it much easier (at least for me) to let go and enjoy some time on my own.
Father’s Day is not perfect. Sarah has a mini-meltdown. She is determined to have a conversation
with me about improving her social skills, but I am trying to finish work on
the computer before we go out for dinner.
Sarah accuses me of “never
talking to her except at meals” (completely untrue) and not trying to help her
understand the difference between an interjection (a relevant or necessary interruption ) and an
annoying interruption that’s not on topic and could wait. By the time I calm her down and explain the
difference, I have reinforced the interruption by giving her a lot of
attention, something the behavioral therapists spent years teaching me not to
do. Oh well.
on Father’s Day is at our favorite Italian restaurant. In addition, to the four of us, my
mom—affectionately referred to as G-ma—joins us, along with “Uncle” Andy, a
dear friend I met at Vassar, whose father died two years ago.
“Remember when you asked if you
could take Marguerite home after graduation,” G-ma begins to reminisce with
Andy, "and if we minded taking home all her luggage instead? I’ll never forget that day as long as I
live.” She shoots Andy an evil grin.
will I!” Andy replies in a playful tone, as we all laugh nervously.
seemed perfectly normal at the time,” I add.
“But in retrospect….”
Fortunately, G-Ma is in excellent
spirits even before her apple martini arrives.
At 86, she is still sharp as a razor, and will happily criticize any
acquaintance or make a dig that starts an argument with a family member. We never know what she’ll say next—or how
loudly. She is going deaf, but can’t wear a hearing aid “because it’s nerve
Ellen (our cousin’s ex-wife) going down the street today and I almost didn’t
recognize her,” G-Ma gossips. “Not only has she aged, but her whole face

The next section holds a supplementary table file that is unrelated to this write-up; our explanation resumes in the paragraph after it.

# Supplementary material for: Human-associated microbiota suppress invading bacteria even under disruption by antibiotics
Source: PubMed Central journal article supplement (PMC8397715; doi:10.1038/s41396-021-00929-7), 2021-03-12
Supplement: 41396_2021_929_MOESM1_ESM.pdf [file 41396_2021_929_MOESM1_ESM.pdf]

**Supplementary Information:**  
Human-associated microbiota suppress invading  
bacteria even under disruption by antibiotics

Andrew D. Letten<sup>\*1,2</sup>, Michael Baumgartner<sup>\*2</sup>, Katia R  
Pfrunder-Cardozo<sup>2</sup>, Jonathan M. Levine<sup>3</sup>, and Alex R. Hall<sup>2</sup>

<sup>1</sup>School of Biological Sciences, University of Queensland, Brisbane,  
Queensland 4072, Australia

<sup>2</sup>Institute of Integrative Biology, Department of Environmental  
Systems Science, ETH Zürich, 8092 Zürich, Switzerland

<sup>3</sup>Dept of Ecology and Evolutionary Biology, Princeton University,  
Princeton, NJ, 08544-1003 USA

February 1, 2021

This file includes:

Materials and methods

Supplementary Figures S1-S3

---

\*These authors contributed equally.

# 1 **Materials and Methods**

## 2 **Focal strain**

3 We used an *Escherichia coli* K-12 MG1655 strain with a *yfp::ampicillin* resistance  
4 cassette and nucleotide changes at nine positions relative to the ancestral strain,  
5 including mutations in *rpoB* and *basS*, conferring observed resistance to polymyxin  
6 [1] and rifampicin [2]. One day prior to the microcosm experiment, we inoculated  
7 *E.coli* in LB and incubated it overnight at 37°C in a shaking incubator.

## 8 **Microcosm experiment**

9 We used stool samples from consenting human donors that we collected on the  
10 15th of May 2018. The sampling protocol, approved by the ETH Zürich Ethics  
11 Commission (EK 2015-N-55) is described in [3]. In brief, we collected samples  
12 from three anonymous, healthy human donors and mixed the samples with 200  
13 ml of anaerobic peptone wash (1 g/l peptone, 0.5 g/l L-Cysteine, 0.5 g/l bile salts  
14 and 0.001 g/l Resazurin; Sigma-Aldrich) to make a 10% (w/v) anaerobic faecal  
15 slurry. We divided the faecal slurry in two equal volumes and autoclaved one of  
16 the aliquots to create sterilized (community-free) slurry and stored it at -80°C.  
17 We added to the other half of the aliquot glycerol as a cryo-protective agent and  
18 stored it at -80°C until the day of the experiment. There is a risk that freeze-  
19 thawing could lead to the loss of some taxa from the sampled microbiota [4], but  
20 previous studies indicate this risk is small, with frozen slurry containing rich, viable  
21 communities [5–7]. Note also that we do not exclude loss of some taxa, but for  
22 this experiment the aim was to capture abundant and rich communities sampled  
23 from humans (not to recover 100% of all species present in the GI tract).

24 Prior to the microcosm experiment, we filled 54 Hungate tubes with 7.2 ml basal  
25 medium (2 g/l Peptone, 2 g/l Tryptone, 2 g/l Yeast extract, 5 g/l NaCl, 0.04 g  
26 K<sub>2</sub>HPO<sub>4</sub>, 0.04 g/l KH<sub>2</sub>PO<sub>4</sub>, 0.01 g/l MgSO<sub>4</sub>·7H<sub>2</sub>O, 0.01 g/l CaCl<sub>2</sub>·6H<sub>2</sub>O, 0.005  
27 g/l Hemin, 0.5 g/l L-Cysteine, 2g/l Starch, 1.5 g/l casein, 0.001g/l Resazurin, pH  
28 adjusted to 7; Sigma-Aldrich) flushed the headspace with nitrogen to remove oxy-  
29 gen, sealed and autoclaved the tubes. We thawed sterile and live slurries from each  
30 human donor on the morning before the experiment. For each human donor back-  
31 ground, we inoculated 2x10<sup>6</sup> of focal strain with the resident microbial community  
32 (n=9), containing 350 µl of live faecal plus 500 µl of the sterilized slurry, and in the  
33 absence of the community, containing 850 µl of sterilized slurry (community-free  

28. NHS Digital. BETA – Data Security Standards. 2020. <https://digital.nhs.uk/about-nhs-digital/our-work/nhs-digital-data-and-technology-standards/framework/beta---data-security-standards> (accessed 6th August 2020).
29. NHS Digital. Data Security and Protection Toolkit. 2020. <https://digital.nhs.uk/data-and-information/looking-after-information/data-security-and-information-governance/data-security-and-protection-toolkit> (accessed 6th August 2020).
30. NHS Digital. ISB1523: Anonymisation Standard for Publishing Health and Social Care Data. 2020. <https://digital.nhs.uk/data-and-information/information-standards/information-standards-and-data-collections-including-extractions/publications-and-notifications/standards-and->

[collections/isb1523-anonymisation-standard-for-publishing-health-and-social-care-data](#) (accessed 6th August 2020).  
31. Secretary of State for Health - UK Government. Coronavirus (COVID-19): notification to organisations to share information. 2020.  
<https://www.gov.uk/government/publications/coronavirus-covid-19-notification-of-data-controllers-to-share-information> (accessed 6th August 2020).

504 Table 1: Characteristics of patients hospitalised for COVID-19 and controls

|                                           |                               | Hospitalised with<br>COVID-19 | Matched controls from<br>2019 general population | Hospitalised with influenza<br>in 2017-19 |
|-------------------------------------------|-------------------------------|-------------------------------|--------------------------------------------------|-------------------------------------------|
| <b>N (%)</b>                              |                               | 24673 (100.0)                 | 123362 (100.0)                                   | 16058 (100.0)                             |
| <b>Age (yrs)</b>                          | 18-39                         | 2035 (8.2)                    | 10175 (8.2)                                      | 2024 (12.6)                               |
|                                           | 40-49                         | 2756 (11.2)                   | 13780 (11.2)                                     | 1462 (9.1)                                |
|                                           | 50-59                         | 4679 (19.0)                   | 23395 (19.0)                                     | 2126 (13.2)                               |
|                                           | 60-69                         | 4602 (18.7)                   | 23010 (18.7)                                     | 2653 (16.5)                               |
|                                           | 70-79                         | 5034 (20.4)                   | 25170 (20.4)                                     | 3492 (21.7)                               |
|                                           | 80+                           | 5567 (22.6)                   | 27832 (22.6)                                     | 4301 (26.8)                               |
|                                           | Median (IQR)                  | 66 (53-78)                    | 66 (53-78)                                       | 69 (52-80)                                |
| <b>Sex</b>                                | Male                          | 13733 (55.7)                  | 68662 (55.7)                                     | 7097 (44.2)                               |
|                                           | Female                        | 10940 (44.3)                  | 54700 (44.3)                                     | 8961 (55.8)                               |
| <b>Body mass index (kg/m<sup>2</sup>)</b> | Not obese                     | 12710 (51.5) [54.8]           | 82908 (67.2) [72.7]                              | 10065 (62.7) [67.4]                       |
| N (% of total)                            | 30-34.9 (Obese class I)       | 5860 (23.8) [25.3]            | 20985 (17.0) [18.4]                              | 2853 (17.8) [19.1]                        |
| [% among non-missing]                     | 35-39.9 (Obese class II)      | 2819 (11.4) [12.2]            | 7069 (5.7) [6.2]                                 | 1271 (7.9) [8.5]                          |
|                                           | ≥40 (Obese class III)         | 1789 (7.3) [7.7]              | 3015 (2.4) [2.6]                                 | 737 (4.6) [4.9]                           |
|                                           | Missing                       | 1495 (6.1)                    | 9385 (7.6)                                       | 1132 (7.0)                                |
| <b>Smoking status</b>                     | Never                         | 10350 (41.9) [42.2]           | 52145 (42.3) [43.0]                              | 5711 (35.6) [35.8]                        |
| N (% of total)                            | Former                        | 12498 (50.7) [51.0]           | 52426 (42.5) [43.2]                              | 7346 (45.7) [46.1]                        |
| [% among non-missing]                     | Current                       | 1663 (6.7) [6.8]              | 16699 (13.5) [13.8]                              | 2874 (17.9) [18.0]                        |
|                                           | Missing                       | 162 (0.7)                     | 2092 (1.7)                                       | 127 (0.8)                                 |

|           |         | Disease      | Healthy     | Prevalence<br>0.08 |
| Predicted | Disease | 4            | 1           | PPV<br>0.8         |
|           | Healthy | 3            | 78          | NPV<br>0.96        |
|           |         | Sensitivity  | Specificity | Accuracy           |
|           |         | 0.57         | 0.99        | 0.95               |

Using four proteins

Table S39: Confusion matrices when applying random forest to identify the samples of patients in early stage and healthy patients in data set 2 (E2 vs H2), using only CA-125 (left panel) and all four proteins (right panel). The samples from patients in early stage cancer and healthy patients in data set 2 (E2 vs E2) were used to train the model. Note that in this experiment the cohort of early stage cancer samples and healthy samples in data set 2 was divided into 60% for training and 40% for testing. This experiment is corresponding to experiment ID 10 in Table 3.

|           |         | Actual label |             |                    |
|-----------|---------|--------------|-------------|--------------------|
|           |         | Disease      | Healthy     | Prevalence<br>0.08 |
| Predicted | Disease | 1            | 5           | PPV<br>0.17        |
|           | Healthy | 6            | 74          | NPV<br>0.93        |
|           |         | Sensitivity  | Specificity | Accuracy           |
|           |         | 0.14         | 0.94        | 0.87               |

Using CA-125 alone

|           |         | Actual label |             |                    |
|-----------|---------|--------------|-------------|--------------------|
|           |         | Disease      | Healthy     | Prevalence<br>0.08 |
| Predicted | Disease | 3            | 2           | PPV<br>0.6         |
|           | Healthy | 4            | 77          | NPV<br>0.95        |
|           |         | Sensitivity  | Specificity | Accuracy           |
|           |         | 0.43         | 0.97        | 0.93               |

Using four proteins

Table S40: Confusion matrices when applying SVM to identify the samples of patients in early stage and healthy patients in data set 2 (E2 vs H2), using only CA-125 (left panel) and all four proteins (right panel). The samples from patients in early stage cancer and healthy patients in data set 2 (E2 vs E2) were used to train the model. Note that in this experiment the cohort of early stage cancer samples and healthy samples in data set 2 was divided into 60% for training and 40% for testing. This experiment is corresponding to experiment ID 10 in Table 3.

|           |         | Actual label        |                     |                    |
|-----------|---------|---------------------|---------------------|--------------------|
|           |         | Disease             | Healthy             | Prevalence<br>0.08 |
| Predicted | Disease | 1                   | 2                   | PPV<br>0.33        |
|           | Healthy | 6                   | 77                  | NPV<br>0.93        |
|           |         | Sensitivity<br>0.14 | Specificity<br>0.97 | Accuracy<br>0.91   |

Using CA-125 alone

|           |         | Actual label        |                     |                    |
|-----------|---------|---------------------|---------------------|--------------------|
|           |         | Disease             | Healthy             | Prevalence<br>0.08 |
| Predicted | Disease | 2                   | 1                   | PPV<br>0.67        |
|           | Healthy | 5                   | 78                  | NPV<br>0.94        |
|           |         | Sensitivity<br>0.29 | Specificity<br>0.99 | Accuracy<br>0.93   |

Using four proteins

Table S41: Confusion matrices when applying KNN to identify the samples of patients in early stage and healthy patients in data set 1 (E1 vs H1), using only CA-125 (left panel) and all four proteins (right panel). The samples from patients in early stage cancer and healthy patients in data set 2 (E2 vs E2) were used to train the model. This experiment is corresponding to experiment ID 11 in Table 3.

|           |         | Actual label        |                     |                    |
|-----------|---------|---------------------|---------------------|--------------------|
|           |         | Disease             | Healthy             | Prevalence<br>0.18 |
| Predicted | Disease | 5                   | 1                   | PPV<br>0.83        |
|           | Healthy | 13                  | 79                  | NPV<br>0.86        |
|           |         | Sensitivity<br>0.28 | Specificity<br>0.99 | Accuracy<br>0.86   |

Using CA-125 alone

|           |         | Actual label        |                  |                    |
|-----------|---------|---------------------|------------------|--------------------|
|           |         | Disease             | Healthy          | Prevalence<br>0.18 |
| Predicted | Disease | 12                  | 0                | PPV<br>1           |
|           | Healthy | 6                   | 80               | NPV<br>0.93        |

droops. She looks like a basset hound.”
laugh. Those of us at the table who know
Ellen always thought she was a sour puss and never liked her much, even when
she was married to our cousin. So far
we’re on safe ground. Like
Sarah, G-Ma particularly likes my attention, so the next sighting of someone
she knows and dislikes is directed entirely toward me. “Remember Irene?”
the mother of one of my elementary school classmates.” I explain to the rest of
the table. “None of the other mothers
liked her because she was a busy-body and tried to get one of my friends
expelled. My mom always thought Irene
looked like George Washington. "She
probably still looks the same, right Mom?”
actually she’s gotten very thick around the middle…”
laughter. G-Ma is in rare form. For tonight her targets are amusing and
entertaining. She’s happy because Henry
and I brought her a few bottles of wine.
Her doctor wants her to drink a glass every day to help with her tremors.
to be a good sport about being on a diet. While everyone has veal parmigiana, she sweetly orders her chicken paillard, steamed
spinach, and diet soda. She skips
dessert, and the rest of us decide to skip dessert too.
has gone pretty smoothly. Nothing
spectacular has happened, good or bad. You might even call it ordinary. But for our family, with its challenging cast
of characters, “ordinary” is a big win.
Labels: behavioral therapy, college, colllege graduation. learning disabilities, dieting, Father's Day, Kon Tiki, parent blogs, parenting, tutoring. autism, twins